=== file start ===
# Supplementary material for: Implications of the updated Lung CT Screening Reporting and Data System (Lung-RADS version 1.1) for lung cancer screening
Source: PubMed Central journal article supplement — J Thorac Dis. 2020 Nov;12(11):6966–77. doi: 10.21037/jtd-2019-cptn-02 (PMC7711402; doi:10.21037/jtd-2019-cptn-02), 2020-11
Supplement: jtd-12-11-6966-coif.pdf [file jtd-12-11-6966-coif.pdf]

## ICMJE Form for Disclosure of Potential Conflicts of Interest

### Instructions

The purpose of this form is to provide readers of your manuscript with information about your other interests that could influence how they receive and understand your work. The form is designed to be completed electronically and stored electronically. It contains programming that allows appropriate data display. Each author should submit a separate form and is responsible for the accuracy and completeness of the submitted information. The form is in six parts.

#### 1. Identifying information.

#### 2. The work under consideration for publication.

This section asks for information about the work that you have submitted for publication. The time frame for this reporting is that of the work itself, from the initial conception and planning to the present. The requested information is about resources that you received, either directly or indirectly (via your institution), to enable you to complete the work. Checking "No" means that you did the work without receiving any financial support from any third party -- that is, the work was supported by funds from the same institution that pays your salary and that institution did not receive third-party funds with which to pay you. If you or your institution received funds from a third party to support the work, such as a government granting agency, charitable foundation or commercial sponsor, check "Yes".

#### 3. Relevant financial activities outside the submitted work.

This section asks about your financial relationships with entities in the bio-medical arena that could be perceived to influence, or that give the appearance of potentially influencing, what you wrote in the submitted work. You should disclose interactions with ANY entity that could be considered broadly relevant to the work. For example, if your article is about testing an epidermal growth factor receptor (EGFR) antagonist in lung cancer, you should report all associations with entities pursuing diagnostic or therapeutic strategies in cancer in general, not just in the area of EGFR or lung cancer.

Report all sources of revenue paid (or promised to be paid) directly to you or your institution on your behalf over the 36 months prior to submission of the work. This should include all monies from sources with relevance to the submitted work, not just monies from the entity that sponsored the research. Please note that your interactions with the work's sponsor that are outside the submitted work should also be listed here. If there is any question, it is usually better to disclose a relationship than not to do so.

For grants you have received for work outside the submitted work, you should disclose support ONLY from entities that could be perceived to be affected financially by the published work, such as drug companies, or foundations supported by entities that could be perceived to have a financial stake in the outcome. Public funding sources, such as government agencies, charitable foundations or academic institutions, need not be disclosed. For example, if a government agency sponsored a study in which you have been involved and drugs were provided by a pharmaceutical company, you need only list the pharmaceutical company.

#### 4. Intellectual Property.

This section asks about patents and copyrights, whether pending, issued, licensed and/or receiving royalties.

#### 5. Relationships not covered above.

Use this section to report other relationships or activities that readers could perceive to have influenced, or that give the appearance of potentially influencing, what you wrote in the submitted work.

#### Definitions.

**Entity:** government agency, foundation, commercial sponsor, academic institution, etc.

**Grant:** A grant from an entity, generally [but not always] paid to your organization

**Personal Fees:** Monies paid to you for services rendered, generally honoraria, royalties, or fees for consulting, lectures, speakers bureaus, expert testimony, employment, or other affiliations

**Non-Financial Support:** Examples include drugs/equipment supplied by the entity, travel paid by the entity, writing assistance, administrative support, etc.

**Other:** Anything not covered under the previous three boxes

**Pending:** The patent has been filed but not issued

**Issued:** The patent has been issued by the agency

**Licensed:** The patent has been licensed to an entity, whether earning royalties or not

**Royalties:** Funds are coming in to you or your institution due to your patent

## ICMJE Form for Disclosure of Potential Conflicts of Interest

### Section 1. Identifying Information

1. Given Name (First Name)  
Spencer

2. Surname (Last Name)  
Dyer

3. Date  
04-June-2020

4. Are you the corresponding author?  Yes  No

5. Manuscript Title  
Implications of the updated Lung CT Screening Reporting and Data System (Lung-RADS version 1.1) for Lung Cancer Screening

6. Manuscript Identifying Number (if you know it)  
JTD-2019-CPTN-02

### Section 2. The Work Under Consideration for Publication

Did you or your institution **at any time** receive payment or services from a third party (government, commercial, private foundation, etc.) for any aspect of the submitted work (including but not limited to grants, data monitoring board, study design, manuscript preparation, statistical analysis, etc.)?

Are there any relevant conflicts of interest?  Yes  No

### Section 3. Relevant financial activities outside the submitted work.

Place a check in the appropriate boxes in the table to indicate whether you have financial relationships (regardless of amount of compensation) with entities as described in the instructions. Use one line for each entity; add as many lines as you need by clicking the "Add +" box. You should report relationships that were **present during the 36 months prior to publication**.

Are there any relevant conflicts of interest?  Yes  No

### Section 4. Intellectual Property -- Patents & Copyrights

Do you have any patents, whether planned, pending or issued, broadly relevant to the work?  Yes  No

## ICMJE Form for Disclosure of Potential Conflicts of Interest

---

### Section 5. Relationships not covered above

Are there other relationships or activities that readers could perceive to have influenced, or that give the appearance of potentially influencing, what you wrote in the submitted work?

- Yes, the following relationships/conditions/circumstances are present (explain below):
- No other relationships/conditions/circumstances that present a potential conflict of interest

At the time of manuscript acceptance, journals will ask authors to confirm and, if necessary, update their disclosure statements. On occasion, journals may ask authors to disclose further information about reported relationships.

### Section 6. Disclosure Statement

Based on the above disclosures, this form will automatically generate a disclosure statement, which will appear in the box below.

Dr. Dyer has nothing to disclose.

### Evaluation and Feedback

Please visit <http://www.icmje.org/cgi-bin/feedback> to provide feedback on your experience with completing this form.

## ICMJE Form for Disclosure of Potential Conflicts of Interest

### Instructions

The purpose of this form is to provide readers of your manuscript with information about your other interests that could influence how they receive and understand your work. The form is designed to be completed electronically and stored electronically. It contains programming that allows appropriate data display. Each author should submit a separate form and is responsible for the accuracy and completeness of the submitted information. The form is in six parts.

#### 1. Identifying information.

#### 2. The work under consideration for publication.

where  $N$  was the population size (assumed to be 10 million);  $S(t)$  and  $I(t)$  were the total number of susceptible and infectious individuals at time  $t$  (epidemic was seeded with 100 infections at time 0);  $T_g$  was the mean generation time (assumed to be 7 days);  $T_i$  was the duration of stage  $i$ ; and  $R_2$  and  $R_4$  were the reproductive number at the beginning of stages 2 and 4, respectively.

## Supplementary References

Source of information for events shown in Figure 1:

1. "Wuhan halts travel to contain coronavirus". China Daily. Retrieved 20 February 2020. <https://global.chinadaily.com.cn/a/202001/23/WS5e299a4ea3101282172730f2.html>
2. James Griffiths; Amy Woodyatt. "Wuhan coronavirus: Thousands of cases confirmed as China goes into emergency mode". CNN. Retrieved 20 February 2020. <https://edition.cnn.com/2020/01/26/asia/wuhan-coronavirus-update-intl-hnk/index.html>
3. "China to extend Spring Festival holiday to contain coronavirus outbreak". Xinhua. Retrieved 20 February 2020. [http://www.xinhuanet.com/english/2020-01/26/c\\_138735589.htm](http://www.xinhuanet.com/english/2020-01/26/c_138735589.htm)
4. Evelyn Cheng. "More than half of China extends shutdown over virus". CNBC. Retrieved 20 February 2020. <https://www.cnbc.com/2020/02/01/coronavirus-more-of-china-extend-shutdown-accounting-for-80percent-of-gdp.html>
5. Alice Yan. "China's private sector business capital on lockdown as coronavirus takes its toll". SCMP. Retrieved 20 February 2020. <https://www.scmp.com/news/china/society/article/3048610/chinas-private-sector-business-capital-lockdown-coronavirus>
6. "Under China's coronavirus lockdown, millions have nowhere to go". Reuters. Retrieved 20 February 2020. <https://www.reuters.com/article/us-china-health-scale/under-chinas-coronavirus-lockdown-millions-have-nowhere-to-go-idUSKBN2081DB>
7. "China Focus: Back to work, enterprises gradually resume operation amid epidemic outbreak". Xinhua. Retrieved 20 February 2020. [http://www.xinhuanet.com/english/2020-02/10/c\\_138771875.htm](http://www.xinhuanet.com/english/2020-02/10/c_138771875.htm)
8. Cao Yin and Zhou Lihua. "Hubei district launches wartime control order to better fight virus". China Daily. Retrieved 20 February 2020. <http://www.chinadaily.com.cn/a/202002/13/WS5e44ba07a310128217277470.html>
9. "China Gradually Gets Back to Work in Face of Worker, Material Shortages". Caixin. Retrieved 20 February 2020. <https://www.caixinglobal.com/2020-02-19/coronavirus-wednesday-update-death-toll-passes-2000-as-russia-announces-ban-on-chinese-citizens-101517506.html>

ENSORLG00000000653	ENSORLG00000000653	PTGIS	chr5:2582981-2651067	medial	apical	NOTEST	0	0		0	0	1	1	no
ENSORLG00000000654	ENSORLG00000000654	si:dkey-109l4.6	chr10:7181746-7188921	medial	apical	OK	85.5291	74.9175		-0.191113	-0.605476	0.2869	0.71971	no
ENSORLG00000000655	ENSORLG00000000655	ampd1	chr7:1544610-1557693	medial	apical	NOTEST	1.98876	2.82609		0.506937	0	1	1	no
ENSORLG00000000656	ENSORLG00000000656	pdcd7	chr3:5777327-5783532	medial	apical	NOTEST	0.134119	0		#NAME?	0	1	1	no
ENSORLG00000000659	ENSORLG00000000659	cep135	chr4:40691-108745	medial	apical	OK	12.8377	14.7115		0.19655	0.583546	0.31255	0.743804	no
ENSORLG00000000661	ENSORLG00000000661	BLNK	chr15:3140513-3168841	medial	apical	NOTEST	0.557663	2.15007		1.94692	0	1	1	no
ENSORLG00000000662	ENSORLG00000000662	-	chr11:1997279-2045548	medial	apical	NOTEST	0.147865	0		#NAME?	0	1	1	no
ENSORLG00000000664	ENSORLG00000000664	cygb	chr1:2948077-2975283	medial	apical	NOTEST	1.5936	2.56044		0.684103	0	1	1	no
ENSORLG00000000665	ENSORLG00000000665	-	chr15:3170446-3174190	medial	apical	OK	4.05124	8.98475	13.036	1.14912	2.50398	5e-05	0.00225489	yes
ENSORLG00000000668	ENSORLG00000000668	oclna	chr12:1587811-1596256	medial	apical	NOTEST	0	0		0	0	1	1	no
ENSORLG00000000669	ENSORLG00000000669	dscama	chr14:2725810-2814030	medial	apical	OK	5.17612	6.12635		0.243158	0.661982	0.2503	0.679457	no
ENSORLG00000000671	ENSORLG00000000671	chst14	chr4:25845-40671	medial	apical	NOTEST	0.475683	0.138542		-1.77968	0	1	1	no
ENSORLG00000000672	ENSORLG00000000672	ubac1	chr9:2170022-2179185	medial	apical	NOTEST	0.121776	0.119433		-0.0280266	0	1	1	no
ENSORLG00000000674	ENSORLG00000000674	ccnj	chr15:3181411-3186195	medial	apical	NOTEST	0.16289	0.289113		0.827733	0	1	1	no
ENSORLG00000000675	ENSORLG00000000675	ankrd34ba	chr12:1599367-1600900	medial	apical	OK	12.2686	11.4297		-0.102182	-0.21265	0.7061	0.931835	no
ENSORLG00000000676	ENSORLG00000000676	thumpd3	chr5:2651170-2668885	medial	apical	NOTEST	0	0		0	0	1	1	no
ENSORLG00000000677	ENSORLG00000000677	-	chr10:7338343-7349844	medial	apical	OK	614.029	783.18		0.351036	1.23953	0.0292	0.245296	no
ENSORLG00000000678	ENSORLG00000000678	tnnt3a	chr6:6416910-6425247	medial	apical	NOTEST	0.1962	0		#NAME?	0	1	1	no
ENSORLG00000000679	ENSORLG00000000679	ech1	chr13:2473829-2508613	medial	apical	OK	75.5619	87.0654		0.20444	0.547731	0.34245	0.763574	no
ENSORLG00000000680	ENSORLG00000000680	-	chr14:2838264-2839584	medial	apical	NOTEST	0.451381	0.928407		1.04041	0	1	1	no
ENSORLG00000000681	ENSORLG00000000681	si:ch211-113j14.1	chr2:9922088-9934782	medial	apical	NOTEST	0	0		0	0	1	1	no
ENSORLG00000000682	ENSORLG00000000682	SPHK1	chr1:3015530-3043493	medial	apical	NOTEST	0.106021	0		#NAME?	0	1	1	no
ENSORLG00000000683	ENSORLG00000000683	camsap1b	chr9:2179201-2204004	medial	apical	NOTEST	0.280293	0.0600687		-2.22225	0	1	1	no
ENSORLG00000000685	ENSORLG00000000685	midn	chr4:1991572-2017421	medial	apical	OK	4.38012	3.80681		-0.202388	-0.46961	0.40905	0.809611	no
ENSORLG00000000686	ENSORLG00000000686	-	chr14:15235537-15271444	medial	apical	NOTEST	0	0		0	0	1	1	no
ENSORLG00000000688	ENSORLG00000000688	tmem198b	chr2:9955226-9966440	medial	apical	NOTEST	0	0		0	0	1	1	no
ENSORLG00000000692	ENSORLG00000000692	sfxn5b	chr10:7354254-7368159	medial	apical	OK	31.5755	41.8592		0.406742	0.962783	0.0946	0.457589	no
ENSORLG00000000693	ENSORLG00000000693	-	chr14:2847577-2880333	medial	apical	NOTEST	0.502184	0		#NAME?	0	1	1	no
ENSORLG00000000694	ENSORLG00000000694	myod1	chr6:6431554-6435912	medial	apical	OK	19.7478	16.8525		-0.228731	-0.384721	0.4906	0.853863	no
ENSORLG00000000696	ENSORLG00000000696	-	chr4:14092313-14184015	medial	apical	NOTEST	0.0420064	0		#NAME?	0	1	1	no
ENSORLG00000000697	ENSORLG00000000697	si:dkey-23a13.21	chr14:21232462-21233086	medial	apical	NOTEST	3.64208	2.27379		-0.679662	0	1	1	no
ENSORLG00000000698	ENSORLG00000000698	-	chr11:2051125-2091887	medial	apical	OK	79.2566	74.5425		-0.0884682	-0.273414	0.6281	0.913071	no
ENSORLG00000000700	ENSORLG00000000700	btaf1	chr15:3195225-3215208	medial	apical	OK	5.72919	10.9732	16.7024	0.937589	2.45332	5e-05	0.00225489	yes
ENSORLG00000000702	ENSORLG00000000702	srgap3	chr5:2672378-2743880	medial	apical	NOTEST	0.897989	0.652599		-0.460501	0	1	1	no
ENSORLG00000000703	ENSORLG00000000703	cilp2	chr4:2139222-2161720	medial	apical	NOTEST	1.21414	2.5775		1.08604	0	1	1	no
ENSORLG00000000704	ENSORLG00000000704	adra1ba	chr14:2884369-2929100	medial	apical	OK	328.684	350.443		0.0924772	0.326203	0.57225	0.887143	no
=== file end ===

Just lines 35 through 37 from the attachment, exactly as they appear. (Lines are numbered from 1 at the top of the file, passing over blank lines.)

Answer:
04-June-2020

4. Are you the corresponding author?  Yes  No

5. Manuscript Title  